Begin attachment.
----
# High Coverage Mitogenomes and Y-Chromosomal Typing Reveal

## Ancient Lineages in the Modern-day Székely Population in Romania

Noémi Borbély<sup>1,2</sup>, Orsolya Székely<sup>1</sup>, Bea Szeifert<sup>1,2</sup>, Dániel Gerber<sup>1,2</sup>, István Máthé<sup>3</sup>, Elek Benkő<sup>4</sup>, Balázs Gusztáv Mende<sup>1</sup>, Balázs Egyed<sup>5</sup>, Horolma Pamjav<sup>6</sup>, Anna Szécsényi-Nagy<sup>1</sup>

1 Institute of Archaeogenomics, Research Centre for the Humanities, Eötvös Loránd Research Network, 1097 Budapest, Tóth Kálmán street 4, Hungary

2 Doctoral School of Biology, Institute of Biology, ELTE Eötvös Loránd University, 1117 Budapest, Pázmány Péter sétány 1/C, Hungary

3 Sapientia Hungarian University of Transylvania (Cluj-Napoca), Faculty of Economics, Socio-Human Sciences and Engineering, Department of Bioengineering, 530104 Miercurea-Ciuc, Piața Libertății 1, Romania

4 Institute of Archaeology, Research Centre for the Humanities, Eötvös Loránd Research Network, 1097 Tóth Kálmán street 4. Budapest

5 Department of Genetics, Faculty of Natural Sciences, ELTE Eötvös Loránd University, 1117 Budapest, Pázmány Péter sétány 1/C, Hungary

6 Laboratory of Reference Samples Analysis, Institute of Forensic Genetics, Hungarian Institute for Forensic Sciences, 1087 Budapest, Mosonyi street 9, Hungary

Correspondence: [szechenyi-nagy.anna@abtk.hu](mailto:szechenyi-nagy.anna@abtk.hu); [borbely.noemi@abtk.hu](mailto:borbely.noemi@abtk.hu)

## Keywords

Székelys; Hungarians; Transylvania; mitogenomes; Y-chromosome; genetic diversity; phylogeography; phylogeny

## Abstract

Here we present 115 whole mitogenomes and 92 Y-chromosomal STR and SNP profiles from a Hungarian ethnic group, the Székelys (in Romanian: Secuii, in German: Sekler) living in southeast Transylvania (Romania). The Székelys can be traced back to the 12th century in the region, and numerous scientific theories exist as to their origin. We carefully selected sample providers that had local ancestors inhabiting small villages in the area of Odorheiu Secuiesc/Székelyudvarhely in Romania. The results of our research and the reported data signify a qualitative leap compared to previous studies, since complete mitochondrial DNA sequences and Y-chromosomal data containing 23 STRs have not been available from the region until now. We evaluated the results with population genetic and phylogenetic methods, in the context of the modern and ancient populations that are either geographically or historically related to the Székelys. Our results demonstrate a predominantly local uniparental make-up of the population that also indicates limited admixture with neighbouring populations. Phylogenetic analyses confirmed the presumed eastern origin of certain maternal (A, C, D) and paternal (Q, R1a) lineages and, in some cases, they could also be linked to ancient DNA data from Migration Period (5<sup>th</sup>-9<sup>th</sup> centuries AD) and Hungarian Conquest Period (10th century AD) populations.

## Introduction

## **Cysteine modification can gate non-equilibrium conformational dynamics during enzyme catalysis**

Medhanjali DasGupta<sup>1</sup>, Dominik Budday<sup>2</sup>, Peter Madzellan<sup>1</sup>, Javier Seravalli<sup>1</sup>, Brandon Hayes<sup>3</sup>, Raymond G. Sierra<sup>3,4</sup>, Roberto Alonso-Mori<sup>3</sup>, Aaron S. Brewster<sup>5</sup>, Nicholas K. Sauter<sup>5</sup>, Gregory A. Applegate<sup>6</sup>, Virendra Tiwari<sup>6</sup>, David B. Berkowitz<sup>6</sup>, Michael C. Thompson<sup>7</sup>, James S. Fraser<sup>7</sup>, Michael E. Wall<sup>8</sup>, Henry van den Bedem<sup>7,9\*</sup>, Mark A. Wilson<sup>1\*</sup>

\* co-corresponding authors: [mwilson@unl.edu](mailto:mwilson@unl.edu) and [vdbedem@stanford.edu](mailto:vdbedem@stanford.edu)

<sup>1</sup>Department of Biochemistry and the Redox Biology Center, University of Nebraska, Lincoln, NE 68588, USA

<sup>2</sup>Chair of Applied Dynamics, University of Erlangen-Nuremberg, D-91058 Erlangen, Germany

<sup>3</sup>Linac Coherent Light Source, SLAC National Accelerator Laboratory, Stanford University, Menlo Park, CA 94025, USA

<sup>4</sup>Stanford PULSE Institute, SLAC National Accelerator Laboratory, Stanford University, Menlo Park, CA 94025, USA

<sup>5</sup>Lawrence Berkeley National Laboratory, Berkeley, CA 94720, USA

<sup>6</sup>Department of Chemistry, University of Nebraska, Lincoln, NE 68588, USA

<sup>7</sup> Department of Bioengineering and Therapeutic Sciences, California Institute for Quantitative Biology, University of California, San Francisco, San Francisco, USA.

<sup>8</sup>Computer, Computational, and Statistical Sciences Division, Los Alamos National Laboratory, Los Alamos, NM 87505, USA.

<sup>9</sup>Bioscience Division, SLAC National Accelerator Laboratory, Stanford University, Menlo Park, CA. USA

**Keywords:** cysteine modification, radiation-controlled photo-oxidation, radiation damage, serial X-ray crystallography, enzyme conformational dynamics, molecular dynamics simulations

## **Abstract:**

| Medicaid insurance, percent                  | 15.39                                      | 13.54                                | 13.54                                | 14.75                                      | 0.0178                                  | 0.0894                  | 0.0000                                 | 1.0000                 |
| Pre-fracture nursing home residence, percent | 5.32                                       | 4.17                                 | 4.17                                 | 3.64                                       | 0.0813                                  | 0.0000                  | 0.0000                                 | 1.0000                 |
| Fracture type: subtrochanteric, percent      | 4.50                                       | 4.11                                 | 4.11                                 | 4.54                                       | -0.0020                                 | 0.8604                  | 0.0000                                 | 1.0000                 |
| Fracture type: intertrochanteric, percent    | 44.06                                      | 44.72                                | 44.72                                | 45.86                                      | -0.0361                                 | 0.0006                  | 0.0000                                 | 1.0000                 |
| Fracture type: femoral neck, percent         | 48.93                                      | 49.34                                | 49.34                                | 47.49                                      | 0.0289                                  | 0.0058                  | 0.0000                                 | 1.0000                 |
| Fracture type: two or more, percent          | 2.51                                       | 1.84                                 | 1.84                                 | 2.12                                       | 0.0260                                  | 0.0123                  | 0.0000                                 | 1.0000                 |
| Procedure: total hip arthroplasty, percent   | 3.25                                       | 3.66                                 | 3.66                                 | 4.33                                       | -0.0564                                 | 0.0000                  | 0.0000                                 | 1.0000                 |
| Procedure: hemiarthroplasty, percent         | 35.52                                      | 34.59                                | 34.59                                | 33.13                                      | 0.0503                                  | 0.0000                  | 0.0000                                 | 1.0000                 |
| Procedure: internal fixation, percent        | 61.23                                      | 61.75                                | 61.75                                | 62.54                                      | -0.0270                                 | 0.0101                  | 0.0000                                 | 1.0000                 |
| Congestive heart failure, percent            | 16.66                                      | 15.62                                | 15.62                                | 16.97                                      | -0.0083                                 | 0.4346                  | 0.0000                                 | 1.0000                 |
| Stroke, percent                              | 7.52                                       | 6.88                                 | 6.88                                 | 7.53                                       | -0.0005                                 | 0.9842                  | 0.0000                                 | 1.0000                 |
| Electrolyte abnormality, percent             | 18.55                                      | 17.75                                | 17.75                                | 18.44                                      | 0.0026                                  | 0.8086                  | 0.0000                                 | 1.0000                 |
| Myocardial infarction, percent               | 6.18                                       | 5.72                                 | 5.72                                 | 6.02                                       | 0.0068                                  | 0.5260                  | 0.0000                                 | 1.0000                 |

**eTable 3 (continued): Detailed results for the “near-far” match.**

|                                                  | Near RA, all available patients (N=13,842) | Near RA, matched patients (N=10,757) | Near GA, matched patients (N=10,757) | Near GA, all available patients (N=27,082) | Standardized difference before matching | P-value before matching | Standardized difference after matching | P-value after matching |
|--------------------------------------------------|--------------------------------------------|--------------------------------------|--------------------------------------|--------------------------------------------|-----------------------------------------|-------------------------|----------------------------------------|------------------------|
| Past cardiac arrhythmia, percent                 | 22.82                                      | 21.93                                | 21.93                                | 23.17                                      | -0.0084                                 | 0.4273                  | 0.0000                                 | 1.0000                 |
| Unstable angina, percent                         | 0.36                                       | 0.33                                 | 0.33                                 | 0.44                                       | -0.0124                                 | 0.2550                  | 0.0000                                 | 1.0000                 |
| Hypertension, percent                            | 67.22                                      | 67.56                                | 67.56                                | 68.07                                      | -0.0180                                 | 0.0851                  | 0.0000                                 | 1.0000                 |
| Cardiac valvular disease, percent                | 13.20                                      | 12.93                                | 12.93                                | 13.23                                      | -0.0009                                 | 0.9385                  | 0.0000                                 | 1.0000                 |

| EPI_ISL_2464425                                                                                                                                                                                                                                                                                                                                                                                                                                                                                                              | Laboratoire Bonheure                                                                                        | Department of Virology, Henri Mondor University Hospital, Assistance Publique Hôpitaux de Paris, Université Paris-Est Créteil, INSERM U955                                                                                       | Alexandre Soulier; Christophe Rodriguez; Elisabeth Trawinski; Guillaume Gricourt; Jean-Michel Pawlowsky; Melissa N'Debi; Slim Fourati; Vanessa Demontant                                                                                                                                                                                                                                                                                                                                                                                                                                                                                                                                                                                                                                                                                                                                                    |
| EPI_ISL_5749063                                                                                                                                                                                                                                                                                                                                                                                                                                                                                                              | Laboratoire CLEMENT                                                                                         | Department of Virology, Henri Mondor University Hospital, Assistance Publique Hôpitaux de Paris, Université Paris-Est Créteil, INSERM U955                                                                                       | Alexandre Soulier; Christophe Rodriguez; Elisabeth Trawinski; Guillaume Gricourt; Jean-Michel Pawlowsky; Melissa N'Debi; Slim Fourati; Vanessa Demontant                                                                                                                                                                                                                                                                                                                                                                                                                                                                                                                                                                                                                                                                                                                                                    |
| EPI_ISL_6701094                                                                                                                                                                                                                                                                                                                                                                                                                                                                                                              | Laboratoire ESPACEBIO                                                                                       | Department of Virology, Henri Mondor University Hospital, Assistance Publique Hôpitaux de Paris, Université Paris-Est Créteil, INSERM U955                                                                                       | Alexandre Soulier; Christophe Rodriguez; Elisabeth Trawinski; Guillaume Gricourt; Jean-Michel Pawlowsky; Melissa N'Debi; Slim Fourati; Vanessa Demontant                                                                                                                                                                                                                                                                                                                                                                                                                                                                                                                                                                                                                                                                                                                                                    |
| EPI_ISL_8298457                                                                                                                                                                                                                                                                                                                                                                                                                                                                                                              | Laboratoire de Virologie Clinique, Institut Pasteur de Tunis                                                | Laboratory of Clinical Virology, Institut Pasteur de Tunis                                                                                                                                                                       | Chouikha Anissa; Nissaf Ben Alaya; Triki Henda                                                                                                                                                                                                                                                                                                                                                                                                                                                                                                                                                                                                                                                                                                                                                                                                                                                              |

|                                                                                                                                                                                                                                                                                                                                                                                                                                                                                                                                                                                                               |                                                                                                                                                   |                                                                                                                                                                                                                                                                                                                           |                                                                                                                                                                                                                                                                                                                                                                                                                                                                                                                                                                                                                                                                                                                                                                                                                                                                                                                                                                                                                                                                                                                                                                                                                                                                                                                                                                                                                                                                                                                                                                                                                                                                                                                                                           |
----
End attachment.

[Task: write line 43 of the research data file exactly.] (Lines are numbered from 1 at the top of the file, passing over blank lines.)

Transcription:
**eTable 3 (continued): Detailed results for the “near-far” match.**